Last month, the Federation of Associations for Hunting and Conservation (FACE) organised the event “Coexisting with Large Carnivores – Challenges and Solutions” in the European Parliament in Brussels. The President of the Parliament’s Intergroup on ‘Biodiversity, Hunting and Rural Areas’, Mr. Karl-Heinz Florenz, hosted the event.
Several speakers presented their opinions in favour of killing wolves in Europe. Daniel Heindl, from the Lower Austrian Chamber of Agriculture, said: “We do not need, nor want the wolf.” According to Mr. Heindl, the wolf’s presence endangers traditional grazing and pastoral farming.
Other speakers argued for an open dialogue to discuss alternative solutions. Dr. Nicola Notary, Head of the Unit Nature Protection of DG Environment, encouraged discussions with stakeholders, farmers, hunters and institutions. Luis Suarez, WWF Spain, showed how coexistence is possible with proper preventive measures. MEP Stefan Bernhard Eck, parliamentary colleague of chairman Florenz supported the pro-wolf statements that were made from the attending European Commissioner during the event.
Agreement to participate in the EU Platform on Coexistence between People and Large Carnivores
FACE signed together with the CIC (International Council for Game and WIldlife Conservation) CIC, COPA-COGECA (European Farmers and European Agri-cooperaties Assisociation) the Finnish and Swedish Reindeer herders Association, the ELO (European Landowner Organization), IUCN, WWF and Europarc the Agreement to participate in the EU Platform on Coexistence between People and Large Carnivores with the following objectives:
- Working within the EU legal framework: The EU’s Habitats Directive (92/43/EEC) is the overarching legal instrumentfor the conservation and sustainable management of Large Carnivorespecies at afavourable conservation status in the EU.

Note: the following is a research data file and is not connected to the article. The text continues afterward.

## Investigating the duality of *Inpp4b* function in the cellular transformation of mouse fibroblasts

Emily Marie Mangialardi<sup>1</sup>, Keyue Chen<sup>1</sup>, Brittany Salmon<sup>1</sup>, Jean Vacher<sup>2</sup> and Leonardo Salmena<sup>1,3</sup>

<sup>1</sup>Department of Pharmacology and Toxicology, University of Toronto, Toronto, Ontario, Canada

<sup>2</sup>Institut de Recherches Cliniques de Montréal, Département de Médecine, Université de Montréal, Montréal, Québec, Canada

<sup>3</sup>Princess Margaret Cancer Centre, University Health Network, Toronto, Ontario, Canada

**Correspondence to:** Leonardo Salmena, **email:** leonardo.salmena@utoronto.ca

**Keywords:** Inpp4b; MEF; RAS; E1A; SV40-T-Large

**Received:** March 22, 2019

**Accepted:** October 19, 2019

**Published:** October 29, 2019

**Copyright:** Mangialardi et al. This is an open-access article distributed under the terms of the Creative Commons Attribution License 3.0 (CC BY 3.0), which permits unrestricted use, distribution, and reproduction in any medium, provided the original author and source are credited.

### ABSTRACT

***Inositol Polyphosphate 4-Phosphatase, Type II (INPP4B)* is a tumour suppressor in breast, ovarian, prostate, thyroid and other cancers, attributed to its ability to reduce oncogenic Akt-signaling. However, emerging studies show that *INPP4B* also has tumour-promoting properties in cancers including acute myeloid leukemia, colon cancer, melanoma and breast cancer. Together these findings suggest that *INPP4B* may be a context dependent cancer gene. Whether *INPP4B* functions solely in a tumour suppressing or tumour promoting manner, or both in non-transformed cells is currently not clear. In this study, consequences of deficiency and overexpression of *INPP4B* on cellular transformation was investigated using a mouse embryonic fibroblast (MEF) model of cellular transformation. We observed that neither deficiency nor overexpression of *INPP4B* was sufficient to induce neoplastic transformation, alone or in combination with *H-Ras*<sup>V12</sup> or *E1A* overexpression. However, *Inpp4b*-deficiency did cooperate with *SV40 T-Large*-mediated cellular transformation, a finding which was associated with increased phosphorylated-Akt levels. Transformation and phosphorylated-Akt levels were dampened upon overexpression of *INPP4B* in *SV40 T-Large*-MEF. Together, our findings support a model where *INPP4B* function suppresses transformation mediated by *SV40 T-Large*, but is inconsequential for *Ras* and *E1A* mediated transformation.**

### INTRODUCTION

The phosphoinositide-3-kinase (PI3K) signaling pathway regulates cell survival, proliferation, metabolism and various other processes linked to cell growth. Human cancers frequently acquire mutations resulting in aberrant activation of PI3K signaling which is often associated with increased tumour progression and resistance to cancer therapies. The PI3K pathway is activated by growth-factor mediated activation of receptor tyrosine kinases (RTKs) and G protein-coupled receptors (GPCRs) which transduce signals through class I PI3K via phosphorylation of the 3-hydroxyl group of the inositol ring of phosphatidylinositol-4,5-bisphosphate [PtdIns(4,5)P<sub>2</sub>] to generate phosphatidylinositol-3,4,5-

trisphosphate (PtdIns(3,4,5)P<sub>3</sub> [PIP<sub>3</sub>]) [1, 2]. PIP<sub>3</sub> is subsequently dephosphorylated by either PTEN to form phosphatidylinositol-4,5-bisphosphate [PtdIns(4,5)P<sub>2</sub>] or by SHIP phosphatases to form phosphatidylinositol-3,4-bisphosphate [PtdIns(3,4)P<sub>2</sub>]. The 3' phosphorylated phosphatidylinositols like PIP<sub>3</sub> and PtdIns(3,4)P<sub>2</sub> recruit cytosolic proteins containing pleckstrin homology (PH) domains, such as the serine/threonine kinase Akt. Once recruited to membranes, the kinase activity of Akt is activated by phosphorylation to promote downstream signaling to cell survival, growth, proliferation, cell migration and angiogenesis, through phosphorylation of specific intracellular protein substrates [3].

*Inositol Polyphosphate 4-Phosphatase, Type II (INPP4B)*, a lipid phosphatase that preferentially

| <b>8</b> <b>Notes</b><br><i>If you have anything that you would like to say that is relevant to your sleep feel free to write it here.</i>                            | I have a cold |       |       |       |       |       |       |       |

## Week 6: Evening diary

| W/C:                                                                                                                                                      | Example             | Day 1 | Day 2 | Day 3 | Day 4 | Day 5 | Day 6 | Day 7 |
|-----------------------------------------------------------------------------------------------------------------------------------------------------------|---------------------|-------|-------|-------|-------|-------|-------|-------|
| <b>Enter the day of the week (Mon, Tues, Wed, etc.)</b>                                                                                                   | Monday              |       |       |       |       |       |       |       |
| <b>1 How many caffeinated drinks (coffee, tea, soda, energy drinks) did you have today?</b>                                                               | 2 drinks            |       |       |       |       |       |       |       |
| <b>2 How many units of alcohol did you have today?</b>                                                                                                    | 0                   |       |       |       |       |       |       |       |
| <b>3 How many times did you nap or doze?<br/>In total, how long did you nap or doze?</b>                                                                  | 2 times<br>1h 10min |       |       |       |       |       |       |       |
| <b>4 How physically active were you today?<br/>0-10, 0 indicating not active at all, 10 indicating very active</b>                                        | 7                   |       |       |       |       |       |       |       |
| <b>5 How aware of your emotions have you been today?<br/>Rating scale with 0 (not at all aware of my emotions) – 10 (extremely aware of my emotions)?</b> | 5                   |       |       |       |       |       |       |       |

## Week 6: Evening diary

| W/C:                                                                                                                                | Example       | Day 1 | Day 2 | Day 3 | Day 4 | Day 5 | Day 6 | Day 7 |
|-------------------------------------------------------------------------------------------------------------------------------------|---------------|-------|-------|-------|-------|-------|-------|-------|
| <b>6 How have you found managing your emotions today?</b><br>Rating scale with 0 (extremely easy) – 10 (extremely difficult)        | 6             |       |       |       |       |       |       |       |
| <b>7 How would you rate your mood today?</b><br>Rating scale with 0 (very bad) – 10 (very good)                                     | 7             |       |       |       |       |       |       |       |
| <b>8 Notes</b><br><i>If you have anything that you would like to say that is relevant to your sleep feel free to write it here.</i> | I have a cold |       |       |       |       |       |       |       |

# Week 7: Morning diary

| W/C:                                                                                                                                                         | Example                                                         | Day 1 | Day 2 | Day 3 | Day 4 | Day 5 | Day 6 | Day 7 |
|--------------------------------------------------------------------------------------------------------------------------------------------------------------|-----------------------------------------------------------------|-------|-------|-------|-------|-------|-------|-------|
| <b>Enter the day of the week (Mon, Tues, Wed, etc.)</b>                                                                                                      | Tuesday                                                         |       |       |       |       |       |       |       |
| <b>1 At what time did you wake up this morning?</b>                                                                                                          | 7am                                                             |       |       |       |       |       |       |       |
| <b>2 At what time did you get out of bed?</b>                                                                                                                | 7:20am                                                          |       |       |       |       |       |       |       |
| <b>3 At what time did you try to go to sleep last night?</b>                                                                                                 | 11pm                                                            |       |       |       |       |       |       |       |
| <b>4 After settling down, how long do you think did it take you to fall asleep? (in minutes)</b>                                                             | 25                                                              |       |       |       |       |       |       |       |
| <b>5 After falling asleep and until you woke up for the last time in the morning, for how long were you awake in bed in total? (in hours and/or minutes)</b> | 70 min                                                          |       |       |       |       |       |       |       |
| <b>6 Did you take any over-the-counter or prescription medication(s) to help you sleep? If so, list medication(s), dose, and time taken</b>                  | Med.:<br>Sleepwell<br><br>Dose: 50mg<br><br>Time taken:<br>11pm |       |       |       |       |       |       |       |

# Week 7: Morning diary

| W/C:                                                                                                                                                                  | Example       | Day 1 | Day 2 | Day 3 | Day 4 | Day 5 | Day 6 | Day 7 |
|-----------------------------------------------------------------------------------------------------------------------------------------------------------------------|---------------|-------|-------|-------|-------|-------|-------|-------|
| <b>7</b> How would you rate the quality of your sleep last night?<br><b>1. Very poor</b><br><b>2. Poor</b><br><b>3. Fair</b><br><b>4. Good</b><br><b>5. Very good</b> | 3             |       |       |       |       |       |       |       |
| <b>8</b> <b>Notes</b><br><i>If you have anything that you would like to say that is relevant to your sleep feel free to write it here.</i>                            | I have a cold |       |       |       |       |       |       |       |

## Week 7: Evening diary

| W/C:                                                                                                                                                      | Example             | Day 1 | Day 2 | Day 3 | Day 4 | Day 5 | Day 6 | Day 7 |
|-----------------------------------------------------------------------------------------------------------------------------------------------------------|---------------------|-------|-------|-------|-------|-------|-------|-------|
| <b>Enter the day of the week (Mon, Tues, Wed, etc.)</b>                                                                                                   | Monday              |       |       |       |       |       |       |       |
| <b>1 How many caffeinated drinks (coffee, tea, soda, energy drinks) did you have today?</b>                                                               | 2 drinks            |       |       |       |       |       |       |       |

- Ensuring the necessary knowledge base: Any management of large carnivores must be determined on the basis of sound scientific evidence using best available and reliable data.
- Recognition of socio-economic and cultural considerations and concerns: Human societies have the right to use their natural resources and preserve cultural heritage in a sustainable way within multifunctional landscapes, of which large carnivores are an integral part. The contribution of economic activities to the values of those landscapes has to be recognised. The need to ensure public safety should also be recognised.
- Solutions to conflicts through constructive dialogue among stakeholders: Finding solutions arising from conflicts with large carnivores and facilitating human-large carnivore coexistence is best achieved through constructive dialogue among key stakeholders at local, national and EU levels. These solutions should be adapted to local and regional conditions.
- Engagement in trans-boundary cooperation: The vast majority of the populations of large carnivore species in the EU have ranges that cross national borders. Therefore national solutions will not work in isolation without meaningful stakeholder dialogue involving trans-boundary cooperation within the EU, and where appropriate, with neighbouring countries, taking into account, inter alia, the Guidelines for Population Level Management Plans for Large Carnivores.
Please also read these recent studies and scientific results on the return of the wolves to Europe.
- Scientists published a study that shows that herd management is more effective than killing wolves.
- The Swiss Forest Department of Graubünden stated the positive effect of wolves on the rejuvenation of protective forest stands in Switzerland.
- The economical impact of wolves is limited as statistics from Germany showed the costs of wolves, which is a fraction compared to damages from other wildlife species.
- Our poster on the potential role of the wolf in Europe’s nature, shows how wolves can restore nature’s balance in Europe.